Township puts priority on erecting their remaining 9-1-1 signs

This article submitted by Michael Jacobson on 11/22/00.

Residents of Paynesville Township who are unhappy with the location of their new 9-1-1 sign will have to wait to change it.

With the weather turning cold, the board of supervisors directed Mike Jensen to focus on erecting the remaining signs while the ground remains unfrozen.

To discourage property owners from moving the 9-1-1 sign themselves, the township will be collecting any signs that are moved and will re-erect them, at the expense of the property owner, when time allows.

Don Pietsch, board chairman, and township maintenance man, Mike Jensen, who is erecting the signs, have gone to a few houses and negotiated with the owners about their sign's location. That, however, takes time, and with winter approaching the board decided erecting the remaining signs ought to take priority over rearranging them.

A fear is to have a sign in storage when it is needed in an emergency.

So far, Jensen has put up the signs on these roads in the township: Apple Tree Lane, Baywater Road, Britton Road, Cedardale Road, Cherrywood Road, County Road 124 (recently renamed Old Lake Road), County Road 34, Golfview Court, Heatherwood Drive, Highland Drive, Hillside Court, King Bee Drive, Koronis Drive, Northwest Koronis Road, La Court Drive, Lake Koronis Road, Northwood Drive, State Highway 23, State Highway 55, 253rd Avenue, 263rd Avenue, and 273rd Avenue.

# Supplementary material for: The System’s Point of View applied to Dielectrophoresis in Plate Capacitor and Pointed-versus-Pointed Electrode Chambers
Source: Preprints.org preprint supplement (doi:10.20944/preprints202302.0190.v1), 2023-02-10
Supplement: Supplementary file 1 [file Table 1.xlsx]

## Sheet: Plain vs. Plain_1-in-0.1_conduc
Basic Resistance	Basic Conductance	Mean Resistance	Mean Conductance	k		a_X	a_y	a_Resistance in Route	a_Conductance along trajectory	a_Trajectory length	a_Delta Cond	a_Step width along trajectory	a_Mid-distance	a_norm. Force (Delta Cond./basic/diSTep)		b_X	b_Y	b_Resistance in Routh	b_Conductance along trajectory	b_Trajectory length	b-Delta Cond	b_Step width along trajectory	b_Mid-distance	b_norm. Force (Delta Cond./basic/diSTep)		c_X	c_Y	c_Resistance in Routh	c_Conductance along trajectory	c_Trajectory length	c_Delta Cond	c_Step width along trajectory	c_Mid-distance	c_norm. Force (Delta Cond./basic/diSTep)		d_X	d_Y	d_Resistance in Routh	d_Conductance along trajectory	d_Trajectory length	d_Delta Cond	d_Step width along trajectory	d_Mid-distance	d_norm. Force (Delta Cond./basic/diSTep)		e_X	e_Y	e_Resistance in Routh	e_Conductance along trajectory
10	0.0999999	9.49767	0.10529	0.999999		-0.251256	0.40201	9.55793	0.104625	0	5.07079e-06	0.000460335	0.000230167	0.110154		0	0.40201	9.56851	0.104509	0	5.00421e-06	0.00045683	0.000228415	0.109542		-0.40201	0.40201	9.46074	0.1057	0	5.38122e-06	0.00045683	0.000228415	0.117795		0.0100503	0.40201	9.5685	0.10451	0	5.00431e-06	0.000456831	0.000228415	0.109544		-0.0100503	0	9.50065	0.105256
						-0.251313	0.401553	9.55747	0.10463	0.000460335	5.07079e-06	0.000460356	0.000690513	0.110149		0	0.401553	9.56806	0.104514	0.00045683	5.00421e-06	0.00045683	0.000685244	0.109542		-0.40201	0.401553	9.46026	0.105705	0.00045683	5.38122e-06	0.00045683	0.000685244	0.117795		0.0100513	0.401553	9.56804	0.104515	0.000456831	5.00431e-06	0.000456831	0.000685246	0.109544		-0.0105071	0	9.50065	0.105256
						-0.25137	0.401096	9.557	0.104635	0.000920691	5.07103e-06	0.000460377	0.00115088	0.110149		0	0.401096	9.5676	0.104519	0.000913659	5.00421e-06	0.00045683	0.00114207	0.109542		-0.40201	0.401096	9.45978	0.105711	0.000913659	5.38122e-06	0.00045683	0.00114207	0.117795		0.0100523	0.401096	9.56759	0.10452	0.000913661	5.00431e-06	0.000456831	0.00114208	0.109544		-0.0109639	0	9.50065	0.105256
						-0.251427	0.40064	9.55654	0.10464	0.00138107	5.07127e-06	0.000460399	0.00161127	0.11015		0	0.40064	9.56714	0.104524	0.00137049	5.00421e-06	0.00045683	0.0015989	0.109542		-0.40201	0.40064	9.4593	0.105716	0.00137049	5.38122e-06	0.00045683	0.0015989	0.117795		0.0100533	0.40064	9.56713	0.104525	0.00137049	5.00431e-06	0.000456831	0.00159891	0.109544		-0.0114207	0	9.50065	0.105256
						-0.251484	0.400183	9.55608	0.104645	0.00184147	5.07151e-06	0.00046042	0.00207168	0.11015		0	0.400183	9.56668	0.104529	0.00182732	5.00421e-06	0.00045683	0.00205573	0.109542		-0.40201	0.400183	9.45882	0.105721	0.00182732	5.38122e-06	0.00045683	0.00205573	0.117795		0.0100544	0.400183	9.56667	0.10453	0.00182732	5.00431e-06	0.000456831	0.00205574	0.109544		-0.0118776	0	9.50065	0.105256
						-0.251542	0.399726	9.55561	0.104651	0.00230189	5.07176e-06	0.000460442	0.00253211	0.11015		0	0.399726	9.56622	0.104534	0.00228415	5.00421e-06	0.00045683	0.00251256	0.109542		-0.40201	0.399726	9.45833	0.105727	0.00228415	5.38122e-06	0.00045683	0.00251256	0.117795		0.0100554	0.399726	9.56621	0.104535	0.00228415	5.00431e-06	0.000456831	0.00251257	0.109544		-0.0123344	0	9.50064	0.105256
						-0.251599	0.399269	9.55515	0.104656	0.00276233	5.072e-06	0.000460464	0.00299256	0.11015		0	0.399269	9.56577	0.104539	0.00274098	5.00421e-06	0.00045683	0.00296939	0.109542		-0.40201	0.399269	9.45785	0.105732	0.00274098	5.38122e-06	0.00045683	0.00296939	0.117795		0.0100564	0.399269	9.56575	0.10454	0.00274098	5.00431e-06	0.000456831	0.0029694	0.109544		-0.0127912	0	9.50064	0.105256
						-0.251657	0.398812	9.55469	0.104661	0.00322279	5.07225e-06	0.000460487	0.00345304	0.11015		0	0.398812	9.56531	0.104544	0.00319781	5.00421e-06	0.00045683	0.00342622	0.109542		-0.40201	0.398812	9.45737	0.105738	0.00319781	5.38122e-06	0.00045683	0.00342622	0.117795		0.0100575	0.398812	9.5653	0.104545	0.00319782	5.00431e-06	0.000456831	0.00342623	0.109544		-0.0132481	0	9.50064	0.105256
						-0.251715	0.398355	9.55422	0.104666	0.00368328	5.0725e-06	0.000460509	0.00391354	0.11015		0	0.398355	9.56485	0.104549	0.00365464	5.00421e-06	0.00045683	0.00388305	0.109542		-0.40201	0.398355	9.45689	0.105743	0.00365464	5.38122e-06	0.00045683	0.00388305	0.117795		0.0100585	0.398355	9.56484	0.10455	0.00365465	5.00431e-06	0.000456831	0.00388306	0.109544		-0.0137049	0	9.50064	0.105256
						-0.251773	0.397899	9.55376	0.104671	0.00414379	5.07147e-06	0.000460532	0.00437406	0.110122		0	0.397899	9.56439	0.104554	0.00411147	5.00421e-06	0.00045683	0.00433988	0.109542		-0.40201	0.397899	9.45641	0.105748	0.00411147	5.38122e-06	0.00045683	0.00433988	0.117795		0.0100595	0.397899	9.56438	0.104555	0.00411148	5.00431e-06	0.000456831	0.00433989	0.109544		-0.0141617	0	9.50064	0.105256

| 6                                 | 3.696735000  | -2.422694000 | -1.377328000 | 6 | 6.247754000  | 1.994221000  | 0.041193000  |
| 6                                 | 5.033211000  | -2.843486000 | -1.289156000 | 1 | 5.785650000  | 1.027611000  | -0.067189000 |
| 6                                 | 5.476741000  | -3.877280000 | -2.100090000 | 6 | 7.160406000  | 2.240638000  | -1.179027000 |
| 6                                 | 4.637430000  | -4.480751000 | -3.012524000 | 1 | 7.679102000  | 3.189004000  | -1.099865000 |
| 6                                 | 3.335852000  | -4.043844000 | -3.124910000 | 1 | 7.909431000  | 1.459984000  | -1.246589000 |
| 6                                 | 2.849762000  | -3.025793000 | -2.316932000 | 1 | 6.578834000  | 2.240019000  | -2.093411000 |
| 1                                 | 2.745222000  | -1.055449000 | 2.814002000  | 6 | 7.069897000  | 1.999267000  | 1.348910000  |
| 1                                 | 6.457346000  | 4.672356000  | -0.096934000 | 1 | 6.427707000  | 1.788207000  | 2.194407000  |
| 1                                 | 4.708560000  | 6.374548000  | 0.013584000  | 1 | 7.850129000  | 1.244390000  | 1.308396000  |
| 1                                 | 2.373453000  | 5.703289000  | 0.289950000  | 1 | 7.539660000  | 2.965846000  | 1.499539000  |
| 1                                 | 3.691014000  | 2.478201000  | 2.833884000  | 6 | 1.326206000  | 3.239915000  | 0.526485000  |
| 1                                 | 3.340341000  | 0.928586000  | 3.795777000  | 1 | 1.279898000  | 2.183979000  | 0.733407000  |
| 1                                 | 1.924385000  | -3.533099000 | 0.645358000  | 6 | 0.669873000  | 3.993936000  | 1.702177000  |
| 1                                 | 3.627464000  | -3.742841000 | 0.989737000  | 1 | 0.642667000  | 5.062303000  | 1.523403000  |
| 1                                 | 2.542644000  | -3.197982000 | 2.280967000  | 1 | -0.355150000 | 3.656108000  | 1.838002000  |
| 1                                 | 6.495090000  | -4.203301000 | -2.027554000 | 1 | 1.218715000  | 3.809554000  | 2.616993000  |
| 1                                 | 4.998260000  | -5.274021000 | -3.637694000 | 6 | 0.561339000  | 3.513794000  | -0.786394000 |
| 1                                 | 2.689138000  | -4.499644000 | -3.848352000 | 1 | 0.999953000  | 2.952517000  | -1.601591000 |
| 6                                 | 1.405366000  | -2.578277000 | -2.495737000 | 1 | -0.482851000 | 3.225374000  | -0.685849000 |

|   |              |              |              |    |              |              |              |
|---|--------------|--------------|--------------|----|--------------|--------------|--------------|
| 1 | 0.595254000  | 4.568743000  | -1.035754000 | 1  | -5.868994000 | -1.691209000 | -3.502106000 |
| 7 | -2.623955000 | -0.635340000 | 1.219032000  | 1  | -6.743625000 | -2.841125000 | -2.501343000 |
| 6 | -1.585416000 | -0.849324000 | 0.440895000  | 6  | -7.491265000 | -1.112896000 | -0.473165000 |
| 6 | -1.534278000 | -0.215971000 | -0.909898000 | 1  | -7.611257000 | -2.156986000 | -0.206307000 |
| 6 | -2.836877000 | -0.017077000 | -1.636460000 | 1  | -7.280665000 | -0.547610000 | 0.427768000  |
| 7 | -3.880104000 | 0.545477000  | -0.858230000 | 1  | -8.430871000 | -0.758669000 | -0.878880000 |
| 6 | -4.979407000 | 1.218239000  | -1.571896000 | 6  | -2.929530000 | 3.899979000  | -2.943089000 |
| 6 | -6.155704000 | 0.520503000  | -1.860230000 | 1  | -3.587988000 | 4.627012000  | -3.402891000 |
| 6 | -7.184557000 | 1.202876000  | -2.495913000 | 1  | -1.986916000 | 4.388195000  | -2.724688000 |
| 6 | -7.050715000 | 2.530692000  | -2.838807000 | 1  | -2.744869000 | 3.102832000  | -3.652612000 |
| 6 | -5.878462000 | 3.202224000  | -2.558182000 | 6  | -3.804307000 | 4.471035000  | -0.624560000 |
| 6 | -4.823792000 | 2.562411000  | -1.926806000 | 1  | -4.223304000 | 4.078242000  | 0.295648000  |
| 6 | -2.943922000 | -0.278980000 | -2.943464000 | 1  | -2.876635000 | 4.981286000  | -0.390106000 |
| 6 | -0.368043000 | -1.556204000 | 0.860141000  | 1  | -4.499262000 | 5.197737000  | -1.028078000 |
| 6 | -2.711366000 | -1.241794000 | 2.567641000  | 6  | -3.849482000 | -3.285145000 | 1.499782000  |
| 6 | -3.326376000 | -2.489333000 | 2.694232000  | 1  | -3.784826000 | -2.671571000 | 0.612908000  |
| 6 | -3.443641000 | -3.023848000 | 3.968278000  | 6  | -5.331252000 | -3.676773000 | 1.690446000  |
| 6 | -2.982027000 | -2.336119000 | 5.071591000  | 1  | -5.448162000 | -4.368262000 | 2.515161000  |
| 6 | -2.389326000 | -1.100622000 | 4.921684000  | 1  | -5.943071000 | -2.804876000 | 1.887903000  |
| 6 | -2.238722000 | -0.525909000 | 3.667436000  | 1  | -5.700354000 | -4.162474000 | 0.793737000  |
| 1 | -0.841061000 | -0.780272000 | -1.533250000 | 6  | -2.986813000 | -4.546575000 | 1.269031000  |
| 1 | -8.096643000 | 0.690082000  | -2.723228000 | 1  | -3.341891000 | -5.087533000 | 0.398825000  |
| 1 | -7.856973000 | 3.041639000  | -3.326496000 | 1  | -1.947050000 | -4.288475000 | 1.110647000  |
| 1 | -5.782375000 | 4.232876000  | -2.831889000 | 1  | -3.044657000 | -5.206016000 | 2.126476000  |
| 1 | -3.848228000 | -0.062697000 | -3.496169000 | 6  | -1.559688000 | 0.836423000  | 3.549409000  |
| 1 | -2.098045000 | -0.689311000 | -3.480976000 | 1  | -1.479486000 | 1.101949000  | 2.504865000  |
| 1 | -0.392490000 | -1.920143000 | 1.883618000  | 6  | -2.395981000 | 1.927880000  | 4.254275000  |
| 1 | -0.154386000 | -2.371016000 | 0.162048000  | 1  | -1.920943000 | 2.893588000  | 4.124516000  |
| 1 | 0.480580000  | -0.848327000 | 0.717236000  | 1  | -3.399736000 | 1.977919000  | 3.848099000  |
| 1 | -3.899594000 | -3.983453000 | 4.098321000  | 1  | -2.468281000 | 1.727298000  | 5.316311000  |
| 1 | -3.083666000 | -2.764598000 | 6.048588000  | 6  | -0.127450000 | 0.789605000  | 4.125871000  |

He plans to work along County Road 181 this week.

Care and thought is being put into each sign's location. Paynesville Township is following the county's recommendations for erecting the signs. Jensen calls for a hole location for each sign before putting the post in the township's road right of way.

Another fear is that do-it-yourself sign movers could injure themselves by putting the sign in a new location. Hitting a gas or utility line carries the threat of a fine.

Township officials think that the moved signs create a domino effect. "What's happening is one person moves it, so the next person says, 'I'll move mine,'" explained Pietsch.

Paynesville Township is following the county's recommendation for placing signs. Other townships have not followed these guidelines, which are not binding, to the letter.

So residents have seen 9-1-1 signs by the mailbox, across from the house, in other townships. Paynesville Township is only placing the sign on the same side of the road as the residence.

Marvin Klug, emergency services director for Stearns County, said this location was deemed the best for assisting emergency services in finding a residence. Having the sign on the same side tells the driver immediately which side the house is on.

"Before we made that recom-mendation, we checked...what other townships and counties were doing around the state and that was the standard," said Klug.

Klug also noted that having the sign on the same side as the house would eliminate confusion should another residence be located across the road. "There may not be someone there now, but there may be in the future," he said.

The township will be collecting and storing any 9-1-1 signs that are moved and will look at erecting these signs again when the others are done. "If they're going to alter it, let's wait 'til we can do it right," said Pietsch.

Residents who are dissatisfied with the location of their 9-1-1 sign can call a township officer to put their name on a list. When all the signs are in, then the township will discuss options with individual homeowners.

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